Looking at the tranquil scene of our Drovers Woodland walk, you may think this valley has been like this since forever. Not so, this area has seen many changes over the last couple of centuries.
For many hundreds of years, this area was simply a wooded valley cut through by a stream. Since Mediaeval times a Drovers Road had passed through it, along which cattle and sheep were walked between west Wales and the livestock markets of London and elsewhere in England.
Until the 1870s, the main road between Knighton and Penybont (now the A488) passed through the farm the other side of Drovers Retreat, where it partly followed a Roman military road. Probably due to the steeper gradients of the old route, the road was moved to cut through our valley.
An old gentleman visited Dolau village some years ago, and Carolyn met him. His parents had run the village shop. He had a vivid memory of playing as a child (probably in the early 1930s) in the part of the main road called the Graig Loop. He stopped playing as he heard a car (an unusual thing then) approaching from the direction of Knighton. As he watched it, moving fairly slowly along the road, he realised that it was moving backwards. He then saw it was being driven by the local vicar. He heard later that the vicar’s car had problems with its forward gears, and could only be driven backwards. Probably not a sight we would see today!
Birmingham’s Water Supply
In 1898 things again changed dramatically in the valley. Birmingham had expanded rapidly during the Industrial Revolution, but living conditions for the mass of people who had moved there for work, were appalling. Water-borne diseases were rampant, but under the leadership of local MP Joseph Chamberlain, a monumental plan was developed to bring safe, fresh water from the Elan and Claerwen rivers in mid Wales. This was a staggering piece of civil engineering, with much of the work of building the dams and the pipeline to Birmingham being carried out by hand. The pipe is tall enough to walk through, and its route passes directly beneath the Drovers Woodland walk - 300 feet down.
As a result of all the tunnelling required, there was a temporary village for navvies close by. By the 1901 census, two of these huts remained and about thirty people still lived in them, presumably finishing this section of the pipeline. We don’t know the exact location of the huts, but the records show that one man died and his grandchild was born in 1898 and 1899. The man who died was 72, and his death certificate lists one of the causes of death as “Exhaustion”. Although the management methods used on this scheme were enlightened for its time, life remained very tough for the labourers.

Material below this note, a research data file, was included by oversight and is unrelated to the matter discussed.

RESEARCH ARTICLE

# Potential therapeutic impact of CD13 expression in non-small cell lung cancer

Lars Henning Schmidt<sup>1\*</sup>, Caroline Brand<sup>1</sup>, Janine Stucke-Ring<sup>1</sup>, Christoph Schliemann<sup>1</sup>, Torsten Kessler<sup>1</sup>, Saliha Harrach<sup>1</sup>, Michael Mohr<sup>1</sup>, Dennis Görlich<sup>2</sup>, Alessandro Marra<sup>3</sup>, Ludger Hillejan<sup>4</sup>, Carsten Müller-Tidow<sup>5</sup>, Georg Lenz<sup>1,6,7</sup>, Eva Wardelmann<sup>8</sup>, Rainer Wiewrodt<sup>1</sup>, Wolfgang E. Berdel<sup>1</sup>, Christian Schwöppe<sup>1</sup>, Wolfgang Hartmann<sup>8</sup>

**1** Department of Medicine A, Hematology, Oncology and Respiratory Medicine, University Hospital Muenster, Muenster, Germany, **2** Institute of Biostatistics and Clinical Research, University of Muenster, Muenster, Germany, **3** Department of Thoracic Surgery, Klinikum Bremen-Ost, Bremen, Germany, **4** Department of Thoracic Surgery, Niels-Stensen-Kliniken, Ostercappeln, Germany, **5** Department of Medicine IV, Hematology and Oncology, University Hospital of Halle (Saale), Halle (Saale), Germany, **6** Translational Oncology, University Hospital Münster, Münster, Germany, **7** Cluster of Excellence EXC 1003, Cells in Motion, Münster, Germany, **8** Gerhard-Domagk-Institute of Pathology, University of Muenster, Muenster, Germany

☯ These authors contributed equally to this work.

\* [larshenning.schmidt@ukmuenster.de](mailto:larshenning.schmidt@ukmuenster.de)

So, from a secluded wooded valley, the area was now filled will spoil from the excavations from the pipeline. We know a steam crane was operating here, and several tools, as well as coke and clinker have been found.
The area was further disturbed in 2012 when Severn Trent Water company excavated the area, checking on the pipeline’s safety after 100 years.
In the 1930s, the large horseshoe loop of the main road was straightened out into the carriageway we see today, leaving the loop as a beautiful area which nature is now claiming back for its own.
Now, by keeping sheep out of the area, nature is taking over, and wild flowers and shrubs can again flourish. Trees destroyed by Severn Trent’s excavations have been replaced, and the area planted with new trees.
Now, all that can be seen of the massive disruption of the water pipeline is the canal in which the stream was contained during the pipeline construction work, and the concrete hut in which they stored the explosives when blasting the pipeline through the rock.
We have cut pathways through the area to enable our visitors to enjoy the area. we hope you enjoy it.